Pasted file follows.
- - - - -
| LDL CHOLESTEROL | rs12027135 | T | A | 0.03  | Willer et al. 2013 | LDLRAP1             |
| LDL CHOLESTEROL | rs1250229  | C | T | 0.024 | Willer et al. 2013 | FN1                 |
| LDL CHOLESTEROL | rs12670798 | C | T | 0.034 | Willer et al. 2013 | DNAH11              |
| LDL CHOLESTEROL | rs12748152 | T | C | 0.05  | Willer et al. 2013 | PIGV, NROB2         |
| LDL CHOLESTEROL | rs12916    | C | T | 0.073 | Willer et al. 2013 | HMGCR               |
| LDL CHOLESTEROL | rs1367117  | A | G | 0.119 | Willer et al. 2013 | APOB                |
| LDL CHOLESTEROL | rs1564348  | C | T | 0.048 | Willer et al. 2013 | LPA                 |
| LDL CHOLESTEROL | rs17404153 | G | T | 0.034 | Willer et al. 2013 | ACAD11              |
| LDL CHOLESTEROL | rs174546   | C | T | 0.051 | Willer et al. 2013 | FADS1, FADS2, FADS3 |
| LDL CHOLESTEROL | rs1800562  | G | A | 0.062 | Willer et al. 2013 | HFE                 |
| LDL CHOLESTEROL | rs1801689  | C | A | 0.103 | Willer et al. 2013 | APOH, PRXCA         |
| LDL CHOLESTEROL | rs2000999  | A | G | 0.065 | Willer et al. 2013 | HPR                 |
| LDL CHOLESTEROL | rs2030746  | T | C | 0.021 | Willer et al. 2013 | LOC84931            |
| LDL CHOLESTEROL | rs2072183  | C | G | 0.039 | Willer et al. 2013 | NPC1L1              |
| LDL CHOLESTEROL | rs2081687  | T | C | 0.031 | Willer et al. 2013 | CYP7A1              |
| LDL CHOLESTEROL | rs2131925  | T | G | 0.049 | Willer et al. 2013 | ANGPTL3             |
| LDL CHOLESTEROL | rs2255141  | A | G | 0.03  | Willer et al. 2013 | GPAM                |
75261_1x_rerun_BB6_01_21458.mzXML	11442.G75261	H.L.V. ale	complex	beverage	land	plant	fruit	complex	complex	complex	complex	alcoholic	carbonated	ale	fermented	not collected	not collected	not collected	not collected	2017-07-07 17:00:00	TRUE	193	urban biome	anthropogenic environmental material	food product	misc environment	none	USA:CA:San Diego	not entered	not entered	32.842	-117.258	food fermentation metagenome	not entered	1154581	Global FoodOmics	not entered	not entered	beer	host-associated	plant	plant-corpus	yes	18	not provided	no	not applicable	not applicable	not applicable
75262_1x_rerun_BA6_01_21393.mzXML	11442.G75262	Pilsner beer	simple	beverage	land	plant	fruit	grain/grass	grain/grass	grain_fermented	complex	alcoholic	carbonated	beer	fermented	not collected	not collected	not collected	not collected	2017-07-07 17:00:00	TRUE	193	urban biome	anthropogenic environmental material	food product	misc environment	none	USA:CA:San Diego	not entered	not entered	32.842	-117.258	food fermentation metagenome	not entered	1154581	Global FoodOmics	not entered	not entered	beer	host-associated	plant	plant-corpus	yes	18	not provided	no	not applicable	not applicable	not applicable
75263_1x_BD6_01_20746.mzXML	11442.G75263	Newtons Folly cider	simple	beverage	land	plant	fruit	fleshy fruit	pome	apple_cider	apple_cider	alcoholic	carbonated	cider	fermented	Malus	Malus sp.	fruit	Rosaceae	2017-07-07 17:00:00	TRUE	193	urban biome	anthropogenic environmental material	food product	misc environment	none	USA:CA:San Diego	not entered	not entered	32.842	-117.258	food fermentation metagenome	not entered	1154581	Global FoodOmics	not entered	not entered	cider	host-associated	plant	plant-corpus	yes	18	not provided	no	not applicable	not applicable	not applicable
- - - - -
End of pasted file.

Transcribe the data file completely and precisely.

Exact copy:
| LDL CHOLESTEROL | rs12027135 | T | A | 0.03  | Willer et al. 2013 | LDLRAP1             |
| LDL CHOLESTEROL | rs1250229  | C | T | 0.024 | Willer et al. 2013 | FN1                 |
| LDL CHOLESTEROL | rs12670798 | C | T | 0.034 | Willer et al. 2013 | DNAH11              |
| LDL CHOLESTEROL | rs12748152 | T | C | 0.05  | Willer et al. 2013 | PIGV, NROB2         |
| LDL CHOLESTEROL | rs12916    | C | T | 0.073 | Willer et al. 2013 | HMGCR               |
| LDL CHOLESTEROL | rs1367117  | A | G | 0.119 | Willer et al. 2013 | APOB                |
| LDL CHOLESTEROL | rs1564348  | C | T | 0.048 | Willer et al. 2013 | LPA                 |
| LDL CHOLESTEROL | rs17404153 | G | T | 0.034 | Willer et al. 2013 | ACAD11              |
| LDL CHOLESTEROL | rs174546   | C | T | 0.051 | Willer et al. 2013 | FADS1, FADS2, FADS3 |
| LDL CHOLESTEROL | rs1800562  | G | A | 0.062 | Willer et al. 2013 | HFE                 |
| LDL CHOLESTEROL | rs1801689  | C | A | 0.103 | Willer et al. 2013 | APOH, PRXCA         |
| LDL CHOLESTEROL | rs2000999  | A | G | 0.065 | Willer et al. 2013 | HPR                 |
| LDL CHOLESTEROL | rs2030746  | T | C | 0.021 | Willer et al. 2013 | LOC84931            |
| LDL CHOLESTEROL | rs2072183  | C | G | 0.039 | Willer et al. 2013 | NPC1L1              |
| LDL CHOLESTEROL | rs2081687  | T | C | 0.031 | Willer et al. 2013 | CYP7A1              |
| LDL CHOLESTEROL | rs2131925  | T | G | 0.049 | Willer et al. 2013 | ANGPTL3             |
| LDL CHOLESTEROL | rs2255141  | A | G | 0.03  | Willer et al. 2013 | GPAM                |
75261_1x_rerun_BB6_01_21458.mzXML	11442.G75261	H.L.V. ale	complex	beverage	land	plant	fruit	complex	complex	complex	complex	alcoholic	carbonated	ale	fermented	not collected	not collected	not collected	not collected	2017-07-07 17:00:00	TRUE	193	urban biome	anthropogenic environmental material	food product	misc environment	none	USA:CA:San Diego	not entered	not entered	32.842	-117.258	food fermentation metagenome	not entered	1154581	Global FoodOmics	not entered	not entered	beer	host-associated	plant	plant-corpus	yes	18	not provided	no	not applicable	not applicable	not applicable
75262_1x_rerun_BA6_01_21393.mzXML	11442.G75262	Pilsner beer	simple	beverage	land	plant	fruit	grain/grass	grain/grass	grain_fermented	complex	alcoholic	carbonated	beer	fermented	not collected	not collected	not collected	not collected	2017-07-07 17:00:00	TRUE	193	urban biome	anthropogenic environmental material	food product	misc environment	none	USA:CA:San Diego	not entered	not entered	32.842	-117.258	food fermentation metagenome	not entered	1154581	Global FoodOmics	not entered	not entered	beer	host-associated	plant	plant-corpus	yes	18	not provided	no	not applicable	not applicable	not applicable
75263_1x_BD6_01_20746.mzXML	11442.G75263	Newtons Folly cider	simple	beverage	land	plant	fruit	fleshy fruit	pome	apple_cider	apple_cider	alcoholic	carbonated	cider	fermented	Malus	Malus sp.	fruit	Rosaceae	2017-07-07 17:00:00	TRUE	193	urban biome	anthropogenic environmental material	food product	misc environment	none	USA:CA:San Diego	not entered	not entered	32.842	-117.258	food fermentation metagenome	not entered	1154581	Global FoodOmics	not entered	not entered	cider	host-associated	plant	plant-corpus	yes	18	not provided	no	not applicable	not applicable	not applicable